I am pro-life, and I recently had an online discussion with a pro-choice advocate about abortion.

In the course of our dialogue he asked me this question, straight from the pro-choice talking points, which he may have thought was a discussion-ender: “If it’s killing a child, should women who have abortions be charged with murder?”

That question raises profound moral and legal issues involving who and what we are; they are at the center of the raging debate we have been having since the 1973 Supreme Court decision on Roe v. Wade. I attempted to answer the question by explaining the process of reasoning that has led me to believe, consistent with my religious faith, that abortion is murder. This is how that process — deductive reasoning — works.

It’s called a syllogism, and it has three parts: a major premise, a minor premise and a conclusion. If the major and minor premises are valid, the conclusion leads to logical certainty. Regarding abortion, it goes like this:

• Major premise: The killing of another human being is murder — feticide. (Exceptions: War, court of law decision, self-defense, accident.)

• Minor premise: Abortion is the killing of another human being.


• Conclusion: Abortion is murder.

I can imagine some women reacting with horror: “Who, me, a murderer?”

Just to be sure we’re on the same page, let me quote Faye Wattleton, the youngest and the first African-American president of the Planned Parenthood Federation of America: “I think we delude ourselves into believing that people don’t know abortion is killing. So any pretense that abortion is not killing is a signal of our ambivalence, a signal that we cannot say yes, it kills a fetus.”

Other prominent defenders of abortion rights also publicly admit that abortion kills human beings. Yes, babies in the womb are human beings, but so what?

Getting back to my online interlocutor’s question: “… should women who commit abortions be charged with murder?”

The Unborn Victims of Violence Act is a federal law that considers the unborn child as a legal victim in certain circumstances, but contains a provision excepting abortion by a pregnant mother or someone acting on her behalf. However, 38 states recognize the fetus as a crime victim in cases of fetal homicide.


What charge might a state prosecutor bring against a woman who kills her unborn child? Manslaughter immediately comes to mind. Too harsh? If so, isn’t that getting away with murder? Is guilt alone sufficient recompense for the taking of a human life?

In dispensing justice, the court should err on the side of compassion, for a woman who makes the agonizing decision to abort her child needs our prayers and that mercy which “droppeth as the gentle rain from heaven.”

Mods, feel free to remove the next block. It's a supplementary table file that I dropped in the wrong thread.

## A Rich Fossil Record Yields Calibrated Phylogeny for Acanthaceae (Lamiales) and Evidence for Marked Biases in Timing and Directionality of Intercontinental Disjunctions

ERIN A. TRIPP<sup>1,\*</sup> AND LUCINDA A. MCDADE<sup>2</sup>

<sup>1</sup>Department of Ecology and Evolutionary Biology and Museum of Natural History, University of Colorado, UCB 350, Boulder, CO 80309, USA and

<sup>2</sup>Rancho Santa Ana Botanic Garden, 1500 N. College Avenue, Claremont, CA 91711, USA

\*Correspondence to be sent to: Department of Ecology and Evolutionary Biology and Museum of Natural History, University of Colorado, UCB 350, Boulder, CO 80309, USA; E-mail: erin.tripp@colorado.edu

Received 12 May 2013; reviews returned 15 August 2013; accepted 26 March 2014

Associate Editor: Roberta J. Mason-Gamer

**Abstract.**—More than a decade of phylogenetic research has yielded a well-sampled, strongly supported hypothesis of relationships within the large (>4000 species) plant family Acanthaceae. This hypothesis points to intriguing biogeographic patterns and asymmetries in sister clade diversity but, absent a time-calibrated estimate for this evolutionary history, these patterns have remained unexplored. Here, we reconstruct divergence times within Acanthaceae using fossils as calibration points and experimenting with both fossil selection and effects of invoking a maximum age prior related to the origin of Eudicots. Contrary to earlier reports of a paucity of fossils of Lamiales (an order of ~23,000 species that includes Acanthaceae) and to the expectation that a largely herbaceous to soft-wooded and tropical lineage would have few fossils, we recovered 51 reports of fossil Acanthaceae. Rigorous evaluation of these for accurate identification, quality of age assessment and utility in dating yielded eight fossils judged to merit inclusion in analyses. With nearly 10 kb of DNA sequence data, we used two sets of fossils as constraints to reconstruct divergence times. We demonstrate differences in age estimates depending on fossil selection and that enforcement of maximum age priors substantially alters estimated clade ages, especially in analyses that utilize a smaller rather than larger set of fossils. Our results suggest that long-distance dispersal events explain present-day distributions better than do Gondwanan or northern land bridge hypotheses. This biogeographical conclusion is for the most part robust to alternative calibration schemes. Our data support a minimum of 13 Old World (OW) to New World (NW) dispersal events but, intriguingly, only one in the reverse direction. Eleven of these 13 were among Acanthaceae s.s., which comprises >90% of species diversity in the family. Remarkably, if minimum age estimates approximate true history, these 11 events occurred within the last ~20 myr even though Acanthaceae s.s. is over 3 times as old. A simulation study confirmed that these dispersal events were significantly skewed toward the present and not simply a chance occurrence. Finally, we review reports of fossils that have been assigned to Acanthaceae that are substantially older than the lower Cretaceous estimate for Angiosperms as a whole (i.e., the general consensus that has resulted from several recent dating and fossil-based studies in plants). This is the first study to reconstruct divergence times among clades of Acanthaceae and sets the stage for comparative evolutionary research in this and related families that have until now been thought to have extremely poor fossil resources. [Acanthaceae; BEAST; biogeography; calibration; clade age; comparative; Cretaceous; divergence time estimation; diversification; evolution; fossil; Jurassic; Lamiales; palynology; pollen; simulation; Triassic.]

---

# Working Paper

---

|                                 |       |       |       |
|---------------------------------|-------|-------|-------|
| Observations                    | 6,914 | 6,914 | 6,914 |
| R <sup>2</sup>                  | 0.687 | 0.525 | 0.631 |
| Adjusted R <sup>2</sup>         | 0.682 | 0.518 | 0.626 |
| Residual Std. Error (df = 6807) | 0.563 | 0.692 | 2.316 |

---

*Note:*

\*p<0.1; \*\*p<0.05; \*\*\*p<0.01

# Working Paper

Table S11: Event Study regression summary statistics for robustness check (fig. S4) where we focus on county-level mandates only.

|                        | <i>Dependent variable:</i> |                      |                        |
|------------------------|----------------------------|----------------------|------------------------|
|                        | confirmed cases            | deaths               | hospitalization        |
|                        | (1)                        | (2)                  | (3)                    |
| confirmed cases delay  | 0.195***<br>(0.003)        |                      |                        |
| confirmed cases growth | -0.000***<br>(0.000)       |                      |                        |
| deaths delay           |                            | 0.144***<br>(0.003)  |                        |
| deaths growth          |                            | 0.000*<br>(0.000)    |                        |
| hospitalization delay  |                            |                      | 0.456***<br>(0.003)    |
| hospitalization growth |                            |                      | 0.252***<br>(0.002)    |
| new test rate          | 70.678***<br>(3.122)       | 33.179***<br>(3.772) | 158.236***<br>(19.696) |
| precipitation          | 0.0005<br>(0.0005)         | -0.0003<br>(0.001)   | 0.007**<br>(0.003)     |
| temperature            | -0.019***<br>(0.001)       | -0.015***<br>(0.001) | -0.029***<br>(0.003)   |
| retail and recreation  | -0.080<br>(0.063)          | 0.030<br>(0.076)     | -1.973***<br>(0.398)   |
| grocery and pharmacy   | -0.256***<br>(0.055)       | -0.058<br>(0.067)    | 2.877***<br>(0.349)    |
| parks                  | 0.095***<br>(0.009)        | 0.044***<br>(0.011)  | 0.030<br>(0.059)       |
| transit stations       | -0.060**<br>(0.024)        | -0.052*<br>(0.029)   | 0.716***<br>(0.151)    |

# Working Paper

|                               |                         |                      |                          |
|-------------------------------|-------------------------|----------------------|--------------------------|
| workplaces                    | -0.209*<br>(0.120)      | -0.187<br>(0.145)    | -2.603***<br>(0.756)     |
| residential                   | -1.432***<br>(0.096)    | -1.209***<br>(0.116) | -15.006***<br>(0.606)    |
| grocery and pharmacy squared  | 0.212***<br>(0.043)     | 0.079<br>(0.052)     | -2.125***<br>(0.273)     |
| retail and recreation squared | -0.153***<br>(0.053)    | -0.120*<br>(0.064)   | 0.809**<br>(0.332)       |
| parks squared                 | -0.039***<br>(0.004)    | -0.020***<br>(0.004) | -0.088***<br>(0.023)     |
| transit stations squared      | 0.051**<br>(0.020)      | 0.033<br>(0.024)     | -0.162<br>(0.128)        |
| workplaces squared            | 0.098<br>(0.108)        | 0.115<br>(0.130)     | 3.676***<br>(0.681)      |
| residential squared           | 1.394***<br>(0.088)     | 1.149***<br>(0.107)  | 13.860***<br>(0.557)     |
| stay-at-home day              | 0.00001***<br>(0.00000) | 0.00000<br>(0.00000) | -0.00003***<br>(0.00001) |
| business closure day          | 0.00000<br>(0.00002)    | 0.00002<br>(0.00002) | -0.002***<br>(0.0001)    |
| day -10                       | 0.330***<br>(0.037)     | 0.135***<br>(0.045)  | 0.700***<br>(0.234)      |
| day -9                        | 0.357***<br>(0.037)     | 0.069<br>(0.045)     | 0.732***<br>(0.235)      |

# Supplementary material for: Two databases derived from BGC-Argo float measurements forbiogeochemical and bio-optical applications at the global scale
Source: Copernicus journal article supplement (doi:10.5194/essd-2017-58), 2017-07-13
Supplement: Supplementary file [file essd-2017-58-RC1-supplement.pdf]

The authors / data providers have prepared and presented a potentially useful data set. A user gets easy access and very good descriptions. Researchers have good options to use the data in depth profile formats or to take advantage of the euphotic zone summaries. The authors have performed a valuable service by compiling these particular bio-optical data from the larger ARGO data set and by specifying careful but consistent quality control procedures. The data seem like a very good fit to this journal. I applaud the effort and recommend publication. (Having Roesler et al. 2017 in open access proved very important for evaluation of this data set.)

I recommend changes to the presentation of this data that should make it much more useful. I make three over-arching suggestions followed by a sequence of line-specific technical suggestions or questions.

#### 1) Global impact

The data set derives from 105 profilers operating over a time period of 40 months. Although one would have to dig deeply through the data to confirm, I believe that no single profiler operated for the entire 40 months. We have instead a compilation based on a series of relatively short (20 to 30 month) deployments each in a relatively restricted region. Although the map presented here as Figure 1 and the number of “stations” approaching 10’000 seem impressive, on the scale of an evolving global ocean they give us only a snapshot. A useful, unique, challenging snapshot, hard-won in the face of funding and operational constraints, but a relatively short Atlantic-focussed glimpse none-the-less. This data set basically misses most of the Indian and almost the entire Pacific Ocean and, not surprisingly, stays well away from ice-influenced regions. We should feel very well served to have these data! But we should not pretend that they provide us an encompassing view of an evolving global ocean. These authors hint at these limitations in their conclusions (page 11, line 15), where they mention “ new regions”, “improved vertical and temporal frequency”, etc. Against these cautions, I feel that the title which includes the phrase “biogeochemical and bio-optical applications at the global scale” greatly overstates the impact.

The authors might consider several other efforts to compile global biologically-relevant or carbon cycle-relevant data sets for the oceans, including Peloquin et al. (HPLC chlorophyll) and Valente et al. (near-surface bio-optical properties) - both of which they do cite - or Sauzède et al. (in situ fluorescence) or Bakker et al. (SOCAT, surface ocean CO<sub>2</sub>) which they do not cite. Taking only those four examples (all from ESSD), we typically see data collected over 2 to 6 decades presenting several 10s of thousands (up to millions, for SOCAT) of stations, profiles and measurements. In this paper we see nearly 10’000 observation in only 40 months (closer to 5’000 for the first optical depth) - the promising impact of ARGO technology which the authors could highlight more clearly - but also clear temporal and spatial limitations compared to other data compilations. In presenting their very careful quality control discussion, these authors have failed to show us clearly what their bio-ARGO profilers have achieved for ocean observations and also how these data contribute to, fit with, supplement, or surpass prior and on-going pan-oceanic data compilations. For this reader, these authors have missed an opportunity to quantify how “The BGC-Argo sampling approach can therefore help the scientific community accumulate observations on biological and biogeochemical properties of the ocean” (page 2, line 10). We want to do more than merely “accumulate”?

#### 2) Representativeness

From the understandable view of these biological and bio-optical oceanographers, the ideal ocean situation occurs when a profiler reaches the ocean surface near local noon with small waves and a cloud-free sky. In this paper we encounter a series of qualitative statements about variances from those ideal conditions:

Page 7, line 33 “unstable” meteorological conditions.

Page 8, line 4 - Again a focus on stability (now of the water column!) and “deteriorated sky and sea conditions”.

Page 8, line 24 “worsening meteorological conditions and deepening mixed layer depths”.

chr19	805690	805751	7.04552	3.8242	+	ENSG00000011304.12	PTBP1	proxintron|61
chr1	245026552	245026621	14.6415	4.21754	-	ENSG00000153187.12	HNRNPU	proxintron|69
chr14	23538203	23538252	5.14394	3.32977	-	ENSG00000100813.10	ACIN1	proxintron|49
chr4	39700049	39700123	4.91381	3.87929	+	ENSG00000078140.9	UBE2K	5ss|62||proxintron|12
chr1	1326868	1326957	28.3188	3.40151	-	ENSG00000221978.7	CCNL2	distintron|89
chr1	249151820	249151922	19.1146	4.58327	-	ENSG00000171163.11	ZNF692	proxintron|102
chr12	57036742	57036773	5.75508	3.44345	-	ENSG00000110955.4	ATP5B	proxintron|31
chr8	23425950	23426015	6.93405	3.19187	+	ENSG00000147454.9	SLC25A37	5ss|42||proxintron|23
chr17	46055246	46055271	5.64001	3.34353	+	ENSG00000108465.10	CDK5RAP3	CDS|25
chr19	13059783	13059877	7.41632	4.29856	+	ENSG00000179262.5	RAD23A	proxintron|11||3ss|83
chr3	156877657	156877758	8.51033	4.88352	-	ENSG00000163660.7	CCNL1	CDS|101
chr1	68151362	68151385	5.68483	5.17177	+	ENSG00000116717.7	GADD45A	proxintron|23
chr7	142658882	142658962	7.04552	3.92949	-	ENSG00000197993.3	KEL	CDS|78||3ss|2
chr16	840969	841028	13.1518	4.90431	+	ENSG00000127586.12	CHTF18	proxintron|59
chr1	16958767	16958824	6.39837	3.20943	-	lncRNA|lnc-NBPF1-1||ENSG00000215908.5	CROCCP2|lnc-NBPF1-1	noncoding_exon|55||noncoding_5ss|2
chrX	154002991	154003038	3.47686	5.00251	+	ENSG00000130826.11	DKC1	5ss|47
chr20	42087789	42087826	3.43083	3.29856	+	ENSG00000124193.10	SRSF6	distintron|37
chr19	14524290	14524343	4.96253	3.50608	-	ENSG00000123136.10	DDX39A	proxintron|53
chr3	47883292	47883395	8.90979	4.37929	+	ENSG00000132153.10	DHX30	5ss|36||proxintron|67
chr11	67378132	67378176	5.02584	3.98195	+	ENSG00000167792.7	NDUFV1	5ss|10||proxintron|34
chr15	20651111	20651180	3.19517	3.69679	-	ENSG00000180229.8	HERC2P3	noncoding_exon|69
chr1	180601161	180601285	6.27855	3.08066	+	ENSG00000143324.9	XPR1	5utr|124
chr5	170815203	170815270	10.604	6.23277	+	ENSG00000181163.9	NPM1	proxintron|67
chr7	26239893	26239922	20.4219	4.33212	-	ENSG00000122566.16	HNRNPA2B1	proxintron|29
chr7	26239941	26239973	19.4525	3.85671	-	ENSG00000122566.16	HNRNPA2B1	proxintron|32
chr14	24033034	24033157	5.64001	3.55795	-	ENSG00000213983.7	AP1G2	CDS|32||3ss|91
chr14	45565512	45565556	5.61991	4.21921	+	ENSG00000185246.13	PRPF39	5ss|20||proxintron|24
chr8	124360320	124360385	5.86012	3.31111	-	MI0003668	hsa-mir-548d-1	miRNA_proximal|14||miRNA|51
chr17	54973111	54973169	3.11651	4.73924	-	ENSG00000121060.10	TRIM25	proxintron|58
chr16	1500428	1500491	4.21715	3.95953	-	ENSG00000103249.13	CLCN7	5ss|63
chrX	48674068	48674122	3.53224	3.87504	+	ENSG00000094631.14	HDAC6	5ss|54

Mother Teresa once asked: “If we accept that a mother can kill her own child, how can we tell other people not to kill each other?

We have largely become a nation of bystanders, indifferent to the muffled cries of the slaughtered innocents, pretending that we have no moral responsibility.

When Barack Obama was an Illinois state senator, he voted to deny basic constitutional protections to infants who survive abortions, not once, but four times, according to The Washington Post Fact Checker. Infanticide, plain and simple.

With the recent airing of videotapes from so-called “family planning” clinics, we discover a new cottage industry devoted to the distributing of the customized remains of tiny humans — a source of revenue for Planned Parenthood and an incentive to encourage abortions. The operators of the crematoria at Auschwitz had not yet attained that level of sophistication.

I am well aware that my views on this grisly subject will arouse the ire of the powerful abortion industry and its apologists, and I have no illusions that we can return to “simpler days,” or that our prevailing culture of death will renounce abortion in my anticipated lifespan.

But no amount of dancing around this life-or-death issue can ignore two indisputable facts: Abortion is morally wrong, and it is an act of willful murder. Individual circumstances or “greater good” intentions cannot transform an act that is intrinsically evil into a right, nor sanction it as a matter of choice to eradicate unborn humans, who have an equal right to live.

Walter J. Eno is a resident of Scarborough.

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